Close [ x ] More from GovExec

Thank you for subscribing to newsletters from GovExec.com.
We think these reports might interest you:

  • Sponsored by Brocade

    Best of 2016 Federal Forum eBook

    Earlier this summer, Federal and tech industry leaders convened to talk security, machine learning, network modernization, DevOps, and much more at the 2016 Federal Forum. This eBook includes a useful summary highlighting the best content shared at the 2016 Federal Forum to help agencies modernize their network infrastructure.

  • Sponsored by CDW-G

    GBC Flash Poll Series: Merger & Acquisitions

    Download this GBC Flash Poll to learn more about federal perspectives on the impact of industry consolidation.

  • Sponsored by One Identity

    One Nation Under Guard: Securing User Identities Across State and Local Government

    In 2016, the government can expect even more sophisticated threats on the horizon, making it all the more imperative that agencies enforce proper identity and access management (IAM) practices. In order to better measure the current state of IAM at the state and local level, Government Business Council (GBC) conducted an in-depth research study of state and local employees.

  • Sponsored by Aquilent

    The Next Federal Evolution of Cloud

    This GBC report explains the evolution of cloud computing in federal government, and provides an outlook for the future of the cloud in government IT.

  • Sponsored by Aquilent

    A DevOps Roadmap for the Federal Government

    This GBC Report discusses how DevOps is steadily gaining traction among some of government's leading IT developers and agencies.

  • Sponsored by LTC Partners, administrators of the Federal Long Term Care Insurance Program

    Approaching the Brink of Federal Retirement

    Approximately 10,000 baby boomers are reaching retirement age per day, and a growing number of federal employees are preparing themselves for the next chapter of their lives. Learn how to tackle the challenges that today's workforce faces in laying the groundwork for a smooth and secure retirement.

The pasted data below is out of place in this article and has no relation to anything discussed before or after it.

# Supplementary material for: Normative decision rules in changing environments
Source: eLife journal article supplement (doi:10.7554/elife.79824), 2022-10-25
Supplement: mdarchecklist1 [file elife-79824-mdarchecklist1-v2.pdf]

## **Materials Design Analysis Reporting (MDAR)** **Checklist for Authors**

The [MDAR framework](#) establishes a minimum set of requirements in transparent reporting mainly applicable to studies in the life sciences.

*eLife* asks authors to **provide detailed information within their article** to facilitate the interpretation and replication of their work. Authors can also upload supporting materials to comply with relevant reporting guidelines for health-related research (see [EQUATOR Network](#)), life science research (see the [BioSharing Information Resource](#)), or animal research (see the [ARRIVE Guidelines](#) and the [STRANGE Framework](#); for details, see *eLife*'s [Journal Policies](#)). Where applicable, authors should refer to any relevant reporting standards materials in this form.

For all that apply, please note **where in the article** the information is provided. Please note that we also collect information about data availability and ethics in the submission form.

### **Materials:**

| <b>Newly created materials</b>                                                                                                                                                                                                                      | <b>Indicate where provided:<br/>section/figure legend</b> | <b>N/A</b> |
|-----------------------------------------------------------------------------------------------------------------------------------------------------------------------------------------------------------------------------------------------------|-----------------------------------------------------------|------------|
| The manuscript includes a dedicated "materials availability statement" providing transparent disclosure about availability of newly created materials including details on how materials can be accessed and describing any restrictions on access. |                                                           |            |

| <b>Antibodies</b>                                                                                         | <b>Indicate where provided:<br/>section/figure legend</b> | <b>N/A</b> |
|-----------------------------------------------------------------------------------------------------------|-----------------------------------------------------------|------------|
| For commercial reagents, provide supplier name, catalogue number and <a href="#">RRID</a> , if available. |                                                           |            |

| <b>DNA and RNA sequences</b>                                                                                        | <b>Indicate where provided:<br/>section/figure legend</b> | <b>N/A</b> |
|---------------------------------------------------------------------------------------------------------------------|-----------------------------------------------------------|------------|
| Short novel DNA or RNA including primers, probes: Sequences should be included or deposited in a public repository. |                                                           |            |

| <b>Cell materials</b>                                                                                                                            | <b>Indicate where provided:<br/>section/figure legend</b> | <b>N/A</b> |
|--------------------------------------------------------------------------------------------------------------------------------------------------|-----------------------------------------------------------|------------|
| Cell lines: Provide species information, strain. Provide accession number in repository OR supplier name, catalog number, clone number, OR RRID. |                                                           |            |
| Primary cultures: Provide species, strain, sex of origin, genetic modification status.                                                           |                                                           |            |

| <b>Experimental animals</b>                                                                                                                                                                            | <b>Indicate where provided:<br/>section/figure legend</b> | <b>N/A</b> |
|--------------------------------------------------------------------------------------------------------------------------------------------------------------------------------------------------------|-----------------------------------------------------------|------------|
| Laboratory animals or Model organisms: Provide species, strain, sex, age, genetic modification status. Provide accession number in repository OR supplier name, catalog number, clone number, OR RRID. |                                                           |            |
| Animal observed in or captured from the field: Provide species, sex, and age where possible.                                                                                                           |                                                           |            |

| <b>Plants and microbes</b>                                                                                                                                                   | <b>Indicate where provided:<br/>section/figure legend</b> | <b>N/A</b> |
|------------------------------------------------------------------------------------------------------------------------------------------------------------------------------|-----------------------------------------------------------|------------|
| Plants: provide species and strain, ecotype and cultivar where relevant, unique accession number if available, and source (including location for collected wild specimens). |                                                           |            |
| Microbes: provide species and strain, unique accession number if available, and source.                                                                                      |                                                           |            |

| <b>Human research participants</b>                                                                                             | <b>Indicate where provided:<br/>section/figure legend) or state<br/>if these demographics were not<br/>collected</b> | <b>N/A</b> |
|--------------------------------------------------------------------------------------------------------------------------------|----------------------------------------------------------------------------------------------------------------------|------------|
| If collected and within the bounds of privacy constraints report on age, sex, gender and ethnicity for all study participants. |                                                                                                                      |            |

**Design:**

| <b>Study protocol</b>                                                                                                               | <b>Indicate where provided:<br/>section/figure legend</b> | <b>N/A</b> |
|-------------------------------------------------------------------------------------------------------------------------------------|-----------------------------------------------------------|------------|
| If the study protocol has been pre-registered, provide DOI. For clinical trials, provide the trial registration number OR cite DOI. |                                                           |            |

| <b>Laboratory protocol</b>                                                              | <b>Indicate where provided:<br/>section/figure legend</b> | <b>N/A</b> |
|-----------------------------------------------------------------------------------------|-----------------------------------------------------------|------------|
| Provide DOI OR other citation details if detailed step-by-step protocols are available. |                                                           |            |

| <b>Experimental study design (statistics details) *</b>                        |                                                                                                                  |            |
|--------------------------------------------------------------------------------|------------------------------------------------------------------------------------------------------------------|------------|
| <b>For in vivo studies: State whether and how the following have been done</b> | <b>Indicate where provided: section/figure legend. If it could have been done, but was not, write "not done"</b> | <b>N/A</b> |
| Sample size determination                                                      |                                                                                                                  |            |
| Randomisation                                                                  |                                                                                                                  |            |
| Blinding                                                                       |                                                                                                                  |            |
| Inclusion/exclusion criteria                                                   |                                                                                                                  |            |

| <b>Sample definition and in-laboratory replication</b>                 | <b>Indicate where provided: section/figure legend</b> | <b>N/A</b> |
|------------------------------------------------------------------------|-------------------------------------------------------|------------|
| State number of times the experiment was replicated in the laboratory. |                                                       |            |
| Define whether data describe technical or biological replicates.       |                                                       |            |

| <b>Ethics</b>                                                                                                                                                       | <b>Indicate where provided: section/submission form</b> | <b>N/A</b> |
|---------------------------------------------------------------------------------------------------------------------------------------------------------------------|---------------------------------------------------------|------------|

• Sponsored by Hewlett Packard Enterprise

    Cyber Defense 101: Arming the Next Generation of Government Employees

    Read this issue brief to learn about the sector's most potent challenges in the new cyber landscape and how government organizations are building a robust, threat-aware infrastructure

  • Sponsored by Aquilent

    GBC Issue Brief: Cultivating Digital Services in the Federal Landscape

    Read this GBC issue brief to learn more about the current state of digital services in the government, and how key players are pushing enhancements towards a user-centric approach.

  • Sponsored by CDW-G

    Joint Enterprise Licensing Agreements

    Read this eBook to learn how defense agencies can achieve savings and efficiencies with an Enterprise Software Agreement.

  • Sponsored by Cloudera

    Government Forum Content Library

    Get all the essential resources needed for effective technology strategies in the federal landscape.


When you download a report, your information may be shared with the underwriters of that document.